Today I’m pleased to welcome John Martin of and Building SaaS.
Sustainability and social responsibility aren’t often associated with services purchasing, as most people tend to think of social responsibility in conjunction with the performance of manufacturing and resource extraction in lower-impact and more-sustainable ways. However, especially with the recent trend toward low-cost-country sourcing of services, the concept of “socially responsible outsourcing”, as one example, is taking root.
Companies buy services to utilize expertise they don’t have internally, to access a different talent pool (at an offshore location), to match their workforce to workload variability, or to take advantage of a supplier’s economies of scale or scope (though this is far less achievable or important for services than for most goods, as many outsourcing buyers have found out the hard way).
Most large companies use a large and growing group of external providers for a broad range of services, from thousands of temporary workers around the world to high-end consulting services. Services are inherently tied to the people that deliver them, and so the key sustainability concept for services is talent pool sustainability. To purchase services in a sustainable and responsible way, companies should adopt practices (and engage with suppliers who adopt practices) that don’t negatively impact the talent pool.
For example, a large employer in a cyclical business has been a significant employer in dozens of small towns for over 50 years. To ensure the development of a talent pool that can support their seasonal business long-term, they have several types of contingent workers such as long-term temps, temp-to-hire, day labor and seasonal part-time temps, each with different responsibility possibilities and education investments. Known as a preferred employer who invests in people long-term, they have worked with their staffing providers to ensure a sustainable talent pool for their highly seasonal business.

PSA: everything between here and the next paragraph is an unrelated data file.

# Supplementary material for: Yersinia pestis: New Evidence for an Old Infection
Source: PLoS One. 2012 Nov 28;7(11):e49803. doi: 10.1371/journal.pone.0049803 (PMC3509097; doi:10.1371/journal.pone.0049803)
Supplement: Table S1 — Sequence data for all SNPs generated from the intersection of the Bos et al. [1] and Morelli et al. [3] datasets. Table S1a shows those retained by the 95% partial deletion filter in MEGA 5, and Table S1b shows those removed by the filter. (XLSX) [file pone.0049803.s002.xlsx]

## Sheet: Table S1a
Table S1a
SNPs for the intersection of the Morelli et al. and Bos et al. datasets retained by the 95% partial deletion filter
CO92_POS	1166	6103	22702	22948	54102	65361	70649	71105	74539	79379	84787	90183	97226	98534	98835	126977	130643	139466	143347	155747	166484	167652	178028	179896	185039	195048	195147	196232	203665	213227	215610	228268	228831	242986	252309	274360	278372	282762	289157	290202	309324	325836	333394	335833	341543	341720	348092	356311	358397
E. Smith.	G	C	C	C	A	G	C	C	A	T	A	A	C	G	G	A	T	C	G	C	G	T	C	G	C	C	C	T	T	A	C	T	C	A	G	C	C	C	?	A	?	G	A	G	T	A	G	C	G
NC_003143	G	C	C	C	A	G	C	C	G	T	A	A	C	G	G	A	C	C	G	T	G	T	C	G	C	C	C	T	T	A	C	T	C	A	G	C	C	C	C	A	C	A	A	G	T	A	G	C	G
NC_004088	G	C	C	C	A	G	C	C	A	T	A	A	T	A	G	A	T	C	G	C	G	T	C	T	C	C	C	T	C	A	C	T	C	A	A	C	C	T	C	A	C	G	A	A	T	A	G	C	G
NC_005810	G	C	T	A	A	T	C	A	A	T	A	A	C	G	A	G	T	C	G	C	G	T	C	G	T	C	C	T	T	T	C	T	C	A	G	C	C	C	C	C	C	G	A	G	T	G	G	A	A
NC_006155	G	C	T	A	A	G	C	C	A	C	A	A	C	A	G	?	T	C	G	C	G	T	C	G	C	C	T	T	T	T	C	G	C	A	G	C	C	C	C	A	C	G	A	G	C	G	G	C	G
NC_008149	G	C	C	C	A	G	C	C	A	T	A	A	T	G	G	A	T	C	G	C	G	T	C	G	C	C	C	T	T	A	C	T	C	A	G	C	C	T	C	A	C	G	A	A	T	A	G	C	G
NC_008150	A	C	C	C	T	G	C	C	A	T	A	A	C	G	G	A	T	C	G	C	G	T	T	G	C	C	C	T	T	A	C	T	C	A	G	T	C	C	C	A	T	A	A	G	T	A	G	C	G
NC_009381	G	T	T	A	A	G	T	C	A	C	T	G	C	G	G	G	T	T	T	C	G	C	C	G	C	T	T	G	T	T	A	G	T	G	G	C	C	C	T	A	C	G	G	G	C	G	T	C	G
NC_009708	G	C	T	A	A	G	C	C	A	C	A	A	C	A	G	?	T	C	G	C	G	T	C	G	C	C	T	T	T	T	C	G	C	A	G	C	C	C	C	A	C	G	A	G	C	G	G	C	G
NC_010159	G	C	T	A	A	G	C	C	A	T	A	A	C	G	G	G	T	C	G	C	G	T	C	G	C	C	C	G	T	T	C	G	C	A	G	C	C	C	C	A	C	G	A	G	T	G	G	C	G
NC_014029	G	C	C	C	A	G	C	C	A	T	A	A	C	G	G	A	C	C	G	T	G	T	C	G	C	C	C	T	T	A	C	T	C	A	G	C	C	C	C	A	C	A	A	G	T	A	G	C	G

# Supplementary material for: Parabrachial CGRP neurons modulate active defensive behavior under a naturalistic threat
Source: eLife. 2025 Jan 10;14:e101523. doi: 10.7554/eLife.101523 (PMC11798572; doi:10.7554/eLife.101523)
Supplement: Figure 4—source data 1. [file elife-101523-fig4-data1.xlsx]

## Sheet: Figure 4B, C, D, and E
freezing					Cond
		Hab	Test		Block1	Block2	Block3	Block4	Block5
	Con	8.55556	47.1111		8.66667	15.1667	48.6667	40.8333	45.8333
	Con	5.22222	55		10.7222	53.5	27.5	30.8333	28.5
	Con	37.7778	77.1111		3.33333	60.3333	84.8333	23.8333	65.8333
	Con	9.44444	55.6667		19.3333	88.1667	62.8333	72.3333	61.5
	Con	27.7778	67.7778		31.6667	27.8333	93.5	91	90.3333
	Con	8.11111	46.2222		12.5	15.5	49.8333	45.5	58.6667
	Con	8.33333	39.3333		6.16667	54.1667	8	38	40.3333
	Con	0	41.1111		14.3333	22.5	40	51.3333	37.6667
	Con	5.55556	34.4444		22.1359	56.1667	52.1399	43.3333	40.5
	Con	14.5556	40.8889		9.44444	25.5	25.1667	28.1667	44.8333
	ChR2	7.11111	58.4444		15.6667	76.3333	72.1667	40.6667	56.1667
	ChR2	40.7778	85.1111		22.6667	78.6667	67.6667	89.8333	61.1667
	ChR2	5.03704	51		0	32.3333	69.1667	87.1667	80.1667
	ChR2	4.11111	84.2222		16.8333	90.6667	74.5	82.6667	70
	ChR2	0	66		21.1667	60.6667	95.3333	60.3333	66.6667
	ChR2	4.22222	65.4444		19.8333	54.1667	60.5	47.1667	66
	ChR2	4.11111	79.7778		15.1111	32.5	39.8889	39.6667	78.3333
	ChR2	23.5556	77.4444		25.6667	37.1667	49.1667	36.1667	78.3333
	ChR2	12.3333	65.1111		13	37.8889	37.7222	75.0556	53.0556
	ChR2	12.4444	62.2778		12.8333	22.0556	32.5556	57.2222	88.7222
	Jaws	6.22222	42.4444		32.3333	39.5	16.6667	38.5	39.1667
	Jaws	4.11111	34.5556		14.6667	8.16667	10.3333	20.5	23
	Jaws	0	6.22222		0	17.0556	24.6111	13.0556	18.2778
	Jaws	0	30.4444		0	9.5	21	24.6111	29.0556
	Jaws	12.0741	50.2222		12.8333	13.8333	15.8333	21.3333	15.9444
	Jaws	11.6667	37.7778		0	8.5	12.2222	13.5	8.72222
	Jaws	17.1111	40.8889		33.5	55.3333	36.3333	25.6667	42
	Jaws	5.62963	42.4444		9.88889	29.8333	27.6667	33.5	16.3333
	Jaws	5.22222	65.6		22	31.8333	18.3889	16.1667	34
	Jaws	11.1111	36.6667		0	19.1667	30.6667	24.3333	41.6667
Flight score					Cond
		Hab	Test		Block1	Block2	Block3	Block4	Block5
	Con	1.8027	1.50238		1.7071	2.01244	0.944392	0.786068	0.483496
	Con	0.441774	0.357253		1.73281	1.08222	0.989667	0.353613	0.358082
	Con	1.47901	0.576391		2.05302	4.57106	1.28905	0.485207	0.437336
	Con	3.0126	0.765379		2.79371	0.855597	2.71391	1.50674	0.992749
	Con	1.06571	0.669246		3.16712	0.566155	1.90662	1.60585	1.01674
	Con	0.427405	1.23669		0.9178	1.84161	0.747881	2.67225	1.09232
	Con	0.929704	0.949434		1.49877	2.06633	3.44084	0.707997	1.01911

Engaging services responsibly is especially important for low-skill services and temporary workers, since they typically receive less training than employees, and hence are more easily left behind by shifts in technology or skill requirements. Responsible companies extend skill-development practices (via their suppliers or sometimes directly) into their contingent workforce. Wages, benefits, and training for temporary workers can often be directly controlled by buyers, and other “Labor Practices and Decent Work” guidelines of the Global Reporting Initiative can also be extended to services suppliers.
When working with services suppliers, some key metrics help demonstrate their commitment to a sustainable talent pool:
- Staff Turnover: Turnover is the ultimate measure of good employment practices. The specific rate is highly industry-specific, however, so compare suppliers within the same service category.
- Training Investment: Good training will result in higher productivity and lower turnover – both positive results for the buyer. While training investment is fairly easy to game, it’s still helpful to track it and the positive results that derive from it.
- Pay Rate: Especially for lower-skill services, many buyers negotiate and track the actual pay rate to the individual worker, to ensure that the worker is getting not only correct pay, but sufficient pay. As a beneficial side-effect, this can also help ensure a sufficient quality level in the work force.
In short, work with suppliers who invest in their services delivery chain – their people.
Supplier development is also important, just as it is for goods. Some types of services that have more innovation are also sourced quite frequently (e.g., consulting engagements, legal services, marketing services), which allows finding and rewarding the innovators who deliver more value.
Part of working with responsible suppliers includes engaging them responsibly. Many services businesses are cash-flow businesses, required to pay their workers weekly, long before the terms of their invoice – so paying them on time can be even more important.
In short, sustainability in services revolves around sustaining and growing the talent pool, which requires responsibly engaging and working with services suppliers who engage in positive practices for their talent.